(Mr Sharples) I entirely agree that we need consistency. That is exactly why we set out for departments a set of core requirements for these reports, which define the basic requirements. A key part of those core requirements is that departments should report objectively on their performance, and that means both successes and failures. Objective reporting through the Departmental Reports is a fundamental part, it has always been a fundamental part of Department Reports and it will continue to be a fundamental part.

  56. How will the core requirements change in 2002?
  (Mr Sharples) The core requirements have been set out in guidance for departments. We would be very happy to share that guidance with the Committee. It sets out the basic requirements for tables in the reports and for basic content. Obviously we want departments to report on their activities, objectives, performance objectives, such as how they use their money, so these are basic requirements there. What we have tried to do is not to make that an absolutely rigid straitjacket; we give departments a bit more flexibility, whilst meeting those requirements, whilst providing the objective reporting, to set out their activities in a way which fits with their business needs as an organisation.

  57. What are you going to do to ensure that when departments report their performance against the Public Service Agreements they do so with some transparency and integrity?
  (Mr Sharples) The transparency is the report itself. We require all departments to publish reports on their performance against targets, precisely to give that transparency so that Parliament, select committees, the public, can judge how the departments are performing. We provide additional assurance of the transparency and validity of those reports by ensuring that the targets and measures that are going to be used to report progress are clearly defined in what we call the technical notes which are available, which explain the detailed measures of each target. As you may know, we are in discussion with the National Audit Office and others about how we can improve the quality of the data systems and the validation of the data systems that goes into measurement.

  58. Do you not think it would be better if that were independently reported upon, rather than leaving the department to do the reporting itself? Is not that likely to lead to results which are more honest? You will probably recall the Government's Annual Report and the scepticism with which that was greeted. It has now obviously been axed. The then Leader of the Opposition had some quite good fun with the various ways in which the progress against targets was being reported, and how they varied from year to year. Surely, as one of the monitoring bodies of the departments in terms of how they are performing against the PSAs, you would want there to be an independent look at how those departments are performing? Is not that a role that the Treasury itself could get involved in, to make sure that there is integrity, consistency and transparency about the way in which departments are reporting on their activities?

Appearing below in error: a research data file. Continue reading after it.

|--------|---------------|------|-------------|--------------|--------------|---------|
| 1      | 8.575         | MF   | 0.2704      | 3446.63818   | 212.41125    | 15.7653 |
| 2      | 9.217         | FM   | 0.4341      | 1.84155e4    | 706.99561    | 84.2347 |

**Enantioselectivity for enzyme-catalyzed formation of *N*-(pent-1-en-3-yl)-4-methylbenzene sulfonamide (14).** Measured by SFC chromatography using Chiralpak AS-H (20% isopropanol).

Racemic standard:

(Mr Sharples) We are very keen to ensure that departments give full reports on progress. We are keen that the measures of progress should be clear. That is why we define them carefully in the technical notes. We are keen that the data departments are using to report should be robust and reliable. That is why we are exploring external validation. We are very keen that there should be a very open and transparent process, and that is why we require all departments to include details in their annual Departmental Report and why indeed we are proposing supplementary performance information be published in the autumn. So we feel that we are going a long way to ensure effective accountability.

  59. Can I ask you two very quick final questions? The first of them is, coming back to the FSBR, what are you going to do to reduce the size of that document, given that it is one of the prime Treasury documents and you have said you want to make all this information about Government more accessible? Those reports have increased sizeably over the years. Are you going to be proposing to cut those back as well?
  (Mr Sharples) This is not my responsibility and is somewhat outside the scope of this questioning about Departmental Reports. I am sure the Treasury will want to ensure that the FSBR continues to provide full information about the public finances and the state of the economy.


 
previous page contents next page

House of Commons home page Parliament home page House of Lords home page search page enquiries index

© Parliamentary copyright 2002
Prepared 4 September 2002